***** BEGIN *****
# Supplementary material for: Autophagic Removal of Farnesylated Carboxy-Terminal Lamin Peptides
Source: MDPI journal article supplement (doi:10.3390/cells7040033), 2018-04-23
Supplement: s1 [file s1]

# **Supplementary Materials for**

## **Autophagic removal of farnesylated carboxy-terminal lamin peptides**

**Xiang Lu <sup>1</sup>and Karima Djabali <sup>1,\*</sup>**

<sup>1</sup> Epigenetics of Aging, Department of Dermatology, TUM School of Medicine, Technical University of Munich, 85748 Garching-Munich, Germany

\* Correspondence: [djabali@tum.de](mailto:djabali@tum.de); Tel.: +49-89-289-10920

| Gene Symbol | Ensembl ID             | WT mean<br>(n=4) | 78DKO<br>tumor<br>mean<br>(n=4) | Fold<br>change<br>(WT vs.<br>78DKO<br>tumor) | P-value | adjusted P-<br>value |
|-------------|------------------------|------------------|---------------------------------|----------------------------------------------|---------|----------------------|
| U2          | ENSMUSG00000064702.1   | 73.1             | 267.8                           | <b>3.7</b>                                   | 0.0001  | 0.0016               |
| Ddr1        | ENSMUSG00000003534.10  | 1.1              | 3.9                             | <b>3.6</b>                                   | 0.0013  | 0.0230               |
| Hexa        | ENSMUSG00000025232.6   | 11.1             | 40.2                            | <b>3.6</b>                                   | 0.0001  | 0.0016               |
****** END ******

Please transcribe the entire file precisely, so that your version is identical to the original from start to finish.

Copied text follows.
# Supplementary material for: Autophagic Removal of Farnesylated Carboxy-Terminal Lamin Peptides
Source: MDPI journal article supplement (doi:10.3390/cells7040033), 2018-04-23
Supplement: s1 [file s1]

# **Supplementary Materials for**

## **Autophagic removal of farnesylated carboxy-terminal lamin peptides**

**Xiang Lu <sup>1</sup>and Karima Djabali <sup>1,\*</sup>**

<sup>1</sup> Epigenetics of Aging, Department of Dermatology, TUM School of Medicine, Technical University of Munich, 85748 Garching-Munich, Germany

\* Correspondence: [djabali@tum.de](mailto:djabali@tum.de); Tel.: +49-89-289-10920

| Gene Symbol | Ensembl ID             | WT mean<br>(n=4) | 78DKO<br>tumor<br>mean<br>(n=4) | Fold<br>change<br>(WT vs.<br>78DKO<br>tumor) | P-value | adjusted P-<br>value |
|-------------|------------------------|------------------|---------------------------------|----------------------------------------------|---------|----------------------|
| U2          | ENSMUSG00000064702.1   | 73.1             | 267.8                           | <b>3.7</b>                                   | 0.0001  | 0.0016               |
| Ddr1        | ENSMUSG00000003534.10  | 1.1              | 3.9                             | <b>3.6</b>                                   | 0.0013  | 0.0230               |
| Hexa        | ENSMUSG00000025232.6   | 11.1             | 40.2                            | <b>3.6</b>                                   | 0.0001  | 0.0016               |